Whether you’re an aspiring entrepreneur or going through a pivot, finalizing a startup idea could be overwhelming.
A good founder usually has a bag of ideas. Having multiple ideas is good, but not ideas are created equal.
In this post, I’m sharing the process that I use to decide what ideas are worth executing and how to eliminate weak ideas.
1. The power of scratching your own itch
The best business ideas usually come from scratching a personal need. When you solve your own problem, you spend your time building something that you’re passionate about. This is more common in creating direct-to-consumer businesses.
Start with a list of problems that you’d like to solve for yourself. Rank this list in the order of pain point. Then rank this list in the order of how frequently you experience the pain point. Ideally, you want to pick the idea that ranks top in the pain point as well as in usage frequency.
Once you’ve found your top problems, do some research in market sizing. There is a good chance that there are enough users who also struggle with the same pain points you’re experiencing.
This is how my consumer app Nucleus was born. Nucleus is a supercharged calendar app for busy professionals, who have multiple external meetings in a day, to quickly collect the context and get ready for their next meeting on the go.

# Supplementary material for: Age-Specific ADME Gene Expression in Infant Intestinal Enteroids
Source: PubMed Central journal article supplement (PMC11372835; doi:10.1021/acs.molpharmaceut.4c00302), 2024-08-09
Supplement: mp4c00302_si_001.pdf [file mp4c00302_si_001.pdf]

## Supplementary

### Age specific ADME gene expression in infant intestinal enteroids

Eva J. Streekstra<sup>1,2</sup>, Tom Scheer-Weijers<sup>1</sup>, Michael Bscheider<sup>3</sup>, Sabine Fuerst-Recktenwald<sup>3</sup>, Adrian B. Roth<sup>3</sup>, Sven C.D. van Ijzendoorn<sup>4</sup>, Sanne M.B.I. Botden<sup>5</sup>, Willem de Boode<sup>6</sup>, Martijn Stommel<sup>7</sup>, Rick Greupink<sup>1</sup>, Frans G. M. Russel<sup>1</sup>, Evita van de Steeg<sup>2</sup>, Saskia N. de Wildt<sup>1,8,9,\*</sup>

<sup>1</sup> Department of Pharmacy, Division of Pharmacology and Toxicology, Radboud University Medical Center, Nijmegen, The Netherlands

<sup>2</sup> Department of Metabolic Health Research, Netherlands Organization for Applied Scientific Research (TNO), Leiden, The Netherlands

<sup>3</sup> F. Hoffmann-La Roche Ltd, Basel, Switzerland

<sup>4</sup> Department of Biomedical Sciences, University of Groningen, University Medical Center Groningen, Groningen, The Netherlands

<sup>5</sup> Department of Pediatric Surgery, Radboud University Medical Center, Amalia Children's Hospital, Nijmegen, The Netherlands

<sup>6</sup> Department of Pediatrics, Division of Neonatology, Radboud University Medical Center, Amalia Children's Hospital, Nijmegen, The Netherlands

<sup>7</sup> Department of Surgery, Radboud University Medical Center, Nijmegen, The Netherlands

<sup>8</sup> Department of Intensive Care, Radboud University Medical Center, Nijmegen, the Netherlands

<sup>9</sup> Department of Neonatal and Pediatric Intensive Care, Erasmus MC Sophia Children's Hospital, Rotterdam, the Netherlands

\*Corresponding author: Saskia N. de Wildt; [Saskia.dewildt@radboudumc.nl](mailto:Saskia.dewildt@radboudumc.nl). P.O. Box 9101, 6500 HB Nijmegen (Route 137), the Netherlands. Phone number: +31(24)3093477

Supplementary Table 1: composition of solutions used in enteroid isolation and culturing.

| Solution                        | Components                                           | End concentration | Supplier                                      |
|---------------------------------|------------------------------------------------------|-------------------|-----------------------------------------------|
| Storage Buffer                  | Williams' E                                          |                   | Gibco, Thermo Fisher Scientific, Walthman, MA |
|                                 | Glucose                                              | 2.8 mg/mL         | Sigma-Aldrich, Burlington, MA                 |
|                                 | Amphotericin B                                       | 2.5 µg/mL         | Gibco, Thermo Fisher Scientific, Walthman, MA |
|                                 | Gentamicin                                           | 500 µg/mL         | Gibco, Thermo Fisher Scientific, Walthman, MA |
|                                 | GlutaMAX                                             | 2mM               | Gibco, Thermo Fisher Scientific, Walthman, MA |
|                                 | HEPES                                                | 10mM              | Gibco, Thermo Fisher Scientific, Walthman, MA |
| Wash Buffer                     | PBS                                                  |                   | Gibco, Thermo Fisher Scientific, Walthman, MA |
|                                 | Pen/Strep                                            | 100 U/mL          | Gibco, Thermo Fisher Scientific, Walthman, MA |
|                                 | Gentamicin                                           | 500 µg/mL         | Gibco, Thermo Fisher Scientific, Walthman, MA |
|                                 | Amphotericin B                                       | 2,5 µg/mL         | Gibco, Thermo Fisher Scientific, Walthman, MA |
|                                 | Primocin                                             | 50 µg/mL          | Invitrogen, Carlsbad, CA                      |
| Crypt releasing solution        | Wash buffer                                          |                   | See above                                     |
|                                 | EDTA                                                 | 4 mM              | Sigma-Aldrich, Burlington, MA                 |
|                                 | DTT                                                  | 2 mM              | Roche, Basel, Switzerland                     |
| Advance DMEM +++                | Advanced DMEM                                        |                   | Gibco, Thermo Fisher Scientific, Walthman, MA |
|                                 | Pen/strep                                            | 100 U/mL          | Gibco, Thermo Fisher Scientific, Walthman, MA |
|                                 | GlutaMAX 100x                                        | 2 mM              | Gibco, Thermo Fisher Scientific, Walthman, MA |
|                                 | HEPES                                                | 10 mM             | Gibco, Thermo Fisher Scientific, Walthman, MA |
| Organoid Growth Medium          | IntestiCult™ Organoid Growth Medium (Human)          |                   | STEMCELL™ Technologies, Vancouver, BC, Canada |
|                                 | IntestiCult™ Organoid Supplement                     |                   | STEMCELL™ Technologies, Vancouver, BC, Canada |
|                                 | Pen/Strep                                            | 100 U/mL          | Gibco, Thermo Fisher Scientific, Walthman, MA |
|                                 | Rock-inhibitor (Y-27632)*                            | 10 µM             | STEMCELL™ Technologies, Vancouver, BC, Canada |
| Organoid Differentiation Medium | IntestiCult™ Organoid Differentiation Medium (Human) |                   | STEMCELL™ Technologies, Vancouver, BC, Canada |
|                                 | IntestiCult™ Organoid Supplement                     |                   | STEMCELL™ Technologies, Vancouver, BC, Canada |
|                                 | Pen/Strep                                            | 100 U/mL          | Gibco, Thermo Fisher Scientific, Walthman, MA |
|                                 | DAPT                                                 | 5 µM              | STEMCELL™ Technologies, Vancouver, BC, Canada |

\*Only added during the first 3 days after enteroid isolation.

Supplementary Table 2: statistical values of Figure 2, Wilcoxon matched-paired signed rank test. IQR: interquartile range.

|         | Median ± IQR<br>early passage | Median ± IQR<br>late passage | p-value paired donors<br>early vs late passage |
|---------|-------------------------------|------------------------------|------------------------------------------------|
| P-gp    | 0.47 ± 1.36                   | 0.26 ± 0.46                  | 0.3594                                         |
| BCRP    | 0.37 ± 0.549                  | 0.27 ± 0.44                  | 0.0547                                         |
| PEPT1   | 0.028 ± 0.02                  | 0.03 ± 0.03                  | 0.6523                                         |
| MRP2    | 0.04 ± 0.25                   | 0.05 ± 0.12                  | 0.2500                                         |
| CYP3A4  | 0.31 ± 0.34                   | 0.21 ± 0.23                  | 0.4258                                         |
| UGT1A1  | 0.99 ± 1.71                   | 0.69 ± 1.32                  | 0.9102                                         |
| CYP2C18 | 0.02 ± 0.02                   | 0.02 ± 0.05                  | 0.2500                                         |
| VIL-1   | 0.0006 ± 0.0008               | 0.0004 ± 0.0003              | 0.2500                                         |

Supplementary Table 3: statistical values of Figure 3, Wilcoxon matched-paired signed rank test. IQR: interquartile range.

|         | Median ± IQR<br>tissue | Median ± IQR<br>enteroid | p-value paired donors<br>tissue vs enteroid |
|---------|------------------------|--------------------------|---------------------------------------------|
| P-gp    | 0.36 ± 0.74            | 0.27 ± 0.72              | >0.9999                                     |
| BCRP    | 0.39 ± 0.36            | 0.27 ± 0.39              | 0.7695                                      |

Problem: Before Nucleus, to prepare for my meetings, I would check my email to find what we’ve already exchanged. I will go on Linkedin to learn more about their background. I will check the location: check directions or call a Uber. If it’s a breakfast/lunch/dinner meeting, I will check Yelp to find what’s popular. All of this takes time hopping from one app to app, entering the same information again and again.
Frequency: This was a frequent problem. On average, I’d have 4–6 external meetings every day.
Market Sizing: This problem applies to recruiters, sales professionals, founders, executives, venture capitalists, or anyone who’s meeting new people multiples times day.
More about Nucleus — https://www.producthunt.com/posts/meet-by-nucleus
2. Be an Insider — solving problems for a business department
Most of the B2B business ideas are formed by experiencing a pain point at your job. This is how Salesforce, Workday, ServiceNow, Zendesk were founded. In this case, you don’t actively found a problem, but the problem finds you.
This happened to me while I was working at Twine, acquired by John Hancock.
Problem: With the proliferation of cloud computing and opensource, launching a web business takes just a few days. Accepting payments takes hours. But starting an investing business takes months, millions of dollars, and regulatory approvals.
Having experienced the pain point first as an entrepreneur and later as an operator building on top of legacy tech, I embarked on a personal journey to help build Finos, a modern investing back-office APIs that enables developers to delight users, increases business’s speed to market and reduces the total cost of ownership.